Hookah smokers are familiar with the fuzzy, lightheaded feeling brought on by sucking on a keg of flavored tobacco for extended periods of time. Those symptoms, along with headaches and nausea, are often referred to as "hookah sickness" and typically pass shortly after finishing a smoking session.
Earlier this month a smoker in Australia was sent to the hospital with symptoms that sounded like a case of hookah sickness, albeit a rather extreme one. When she arrived at the hospital, however, doctors said she was suffering from carbon monoxide poisoning.
While it's not news that smoking hookah—or just smoking in general—elevates the amount of carbon monoxide in your blood, it's safe to say hookah benders don't normally put people in the ER.
TheSydney Morning Herald reported that the 20-year-old was no newbie and smoked "regularly." She had also, their report says, been smoking for "up to an hour at a time." She clearly took in more than her share of smoke, but it's not obvious that she got there by doing anything wildly irresponsible. An hour spent smoking hookah is pretty normal. Even if someone carried on for two hours, it probably wouldn't attract more than an eyebrow raise and the vague suggestion that a little fresh air might be a good idea.
But this case transcended the normal effects of hookah sickness. After being hospitalized, the unnamed woman's condition worsened and she began experiencing heart-attack-like symptoms, according to Dr. Louis Wang, who treated her.
"She didn't have chest pains, but the ECG changes suggested that not enough oxygen was being supplied to her muscle in an area of her heart," Dr. Wang wrote in the Medical Journal of Australia. In the paper, "Severe carbon monoxide poisoning from waterpipe smoking: a public health concern," Wang and his coauthors indicate that they believe this was "the first Australian report of severe carbon monoxide poisoning caused by waterpipe use."
Wang said the unnamed woman was suffering from "horrific" levels of carbon monoxide. "It was 25 percent, when normal is about 1.5 percent, although really you shouldn't have any," he told Herald reporter Amy Corderoy.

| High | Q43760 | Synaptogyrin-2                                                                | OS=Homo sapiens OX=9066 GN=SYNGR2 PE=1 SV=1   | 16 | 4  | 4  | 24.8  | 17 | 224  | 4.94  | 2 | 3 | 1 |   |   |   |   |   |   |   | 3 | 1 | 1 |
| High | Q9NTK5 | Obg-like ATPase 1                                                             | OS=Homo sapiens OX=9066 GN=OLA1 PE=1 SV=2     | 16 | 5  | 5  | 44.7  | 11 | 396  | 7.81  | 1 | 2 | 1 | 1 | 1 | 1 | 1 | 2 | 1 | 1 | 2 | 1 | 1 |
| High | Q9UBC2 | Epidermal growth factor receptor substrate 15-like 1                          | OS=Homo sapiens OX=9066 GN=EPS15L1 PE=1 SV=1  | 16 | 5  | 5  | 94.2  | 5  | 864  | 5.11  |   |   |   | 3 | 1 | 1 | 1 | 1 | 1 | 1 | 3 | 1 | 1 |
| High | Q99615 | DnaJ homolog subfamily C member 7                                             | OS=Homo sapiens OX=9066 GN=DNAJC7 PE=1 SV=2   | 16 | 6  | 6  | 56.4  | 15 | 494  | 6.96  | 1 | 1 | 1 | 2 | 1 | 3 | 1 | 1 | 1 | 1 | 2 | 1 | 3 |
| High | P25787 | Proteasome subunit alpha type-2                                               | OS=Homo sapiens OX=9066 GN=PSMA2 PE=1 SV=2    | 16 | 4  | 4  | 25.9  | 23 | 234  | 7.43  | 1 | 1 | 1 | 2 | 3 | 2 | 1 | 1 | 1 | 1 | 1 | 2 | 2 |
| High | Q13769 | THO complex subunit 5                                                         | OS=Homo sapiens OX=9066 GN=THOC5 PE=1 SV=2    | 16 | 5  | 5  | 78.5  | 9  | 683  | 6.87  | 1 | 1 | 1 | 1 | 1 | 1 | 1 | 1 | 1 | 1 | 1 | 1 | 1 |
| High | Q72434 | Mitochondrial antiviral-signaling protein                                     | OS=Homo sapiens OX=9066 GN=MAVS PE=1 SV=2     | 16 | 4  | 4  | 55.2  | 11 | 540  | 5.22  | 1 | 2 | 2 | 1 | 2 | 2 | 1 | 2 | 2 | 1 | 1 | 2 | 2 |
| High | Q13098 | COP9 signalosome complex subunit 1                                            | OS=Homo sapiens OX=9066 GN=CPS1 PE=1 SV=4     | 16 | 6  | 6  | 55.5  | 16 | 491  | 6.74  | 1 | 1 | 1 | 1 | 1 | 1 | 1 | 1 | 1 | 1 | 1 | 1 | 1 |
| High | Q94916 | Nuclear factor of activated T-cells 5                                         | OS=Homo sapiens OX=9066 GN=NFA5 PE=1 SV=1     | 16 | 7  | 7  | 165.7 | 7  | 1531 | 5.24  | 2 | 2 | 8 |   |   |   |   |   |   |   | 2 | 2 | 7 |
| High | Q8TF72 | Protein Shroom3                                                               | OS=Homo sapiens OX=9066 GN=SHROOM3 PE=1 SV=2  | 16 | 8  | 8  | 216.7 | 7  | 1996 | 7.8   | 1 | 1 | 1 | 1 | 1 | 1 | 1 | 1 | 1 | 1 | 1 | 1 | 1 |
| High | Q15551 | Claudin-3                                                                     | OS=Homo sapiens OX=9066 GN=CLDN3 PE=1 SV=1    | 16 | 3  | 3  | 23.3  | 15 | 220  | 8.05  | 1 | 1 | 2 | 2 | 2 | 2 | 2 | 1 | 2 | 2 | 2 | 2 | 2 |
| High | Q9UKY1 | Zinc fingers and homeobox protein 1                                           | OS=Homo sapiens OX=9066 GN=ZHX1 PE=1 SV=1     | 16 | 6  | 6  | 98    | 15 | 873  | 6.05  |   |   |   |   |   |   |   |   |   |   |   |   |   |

Hookah.org attributes hookah sickness to too much nicotine. "Nicotine overdose comes with a handful of nasty symptoms," their article says. It lists headaches, dizziness, and light sensitivity, along with "a feeling of pressure in the chest." The article instructs the reader to "take a break before you step beyond the event horizon and get KO'd." There's no mention of carbon monoxide.
Personally, I've enjoyed the occasional hour-long (or more) hookah session and attributed the occasional chest tightness, headaches, and nausea to too much nicotine. When I first started smoking, more experienced smokers said that as long as I was using "natural coals," and kept the place ventilated, I'd be fine, and that any lingering symptoms were most likely from the nicotine.
"Hookah delivers fairly high doses of nicotine but very high doses of carbon monoxide," Dr. Kenneth D. Ward told VICE in an email. Ward is the director of the Division of Social and Behavioral Sciences at the University of Memphis School of Public Health. He has studied the culture around hookah, as well as the health effects, and written about both extensively.
To put it in even clearer terms: "'Hookah sickness' is carbon monoxide intoxication," Ward wrote, although he also pointed out that nicotine isn't blameless. "Some of these symptoms, like headache and nausea, occur with nicotine overdose as well," he wrote, adding, "I've experienced that myself smoking big cigars.
"Symptoms of 'hookah sickness' can begin at around 20 parts per million of carbon monoxide, so it's not surprising that so many users seem to experience it."
In Ward's recent published work on the topic, titled "Change in carbon monoxide exposure among waterpipe bar patrons," he and his colleagues tested the carbon monoxide levels of college students before and after smoking in a hookah bar. They found that on average, their "expired carbon monoxide levels," showed a terrifying 800 percent increase.
Carbon monoxide poisoning does more than make you feel sick, or, in very large concentrations, dead. Having high carbon monoxide concentrations in your blood can cause confusion and delirium. From time to time, stories of haunted houses are chalked up to hallucinations brought on by poor ventilation that can cause high levels of carbon monoxide.
Improving ventilation while you smoke hookah, however, isn't likely to help, according to Ward. "Since most of the carbon monoxide exposure in hookah users comes from the mainstream smoke rather than sidestream, I wouldn't expect that improving ventilation would reduce exposure very much," he told VICE.
Nonfatal cases of serious poisoning from carbon monoxide can involve total paralysis, followed by neurological impairment, followed by an agonizingly slow recovery over the course of months. One famous case study from 1972 followed a patient through a brutal, 84-day recovery period that involved seizures.
Meanwhile, hookah tobacco comes in delicious flavors. So it's still got that going for it, assuming you can get past all the carbon monoxide.
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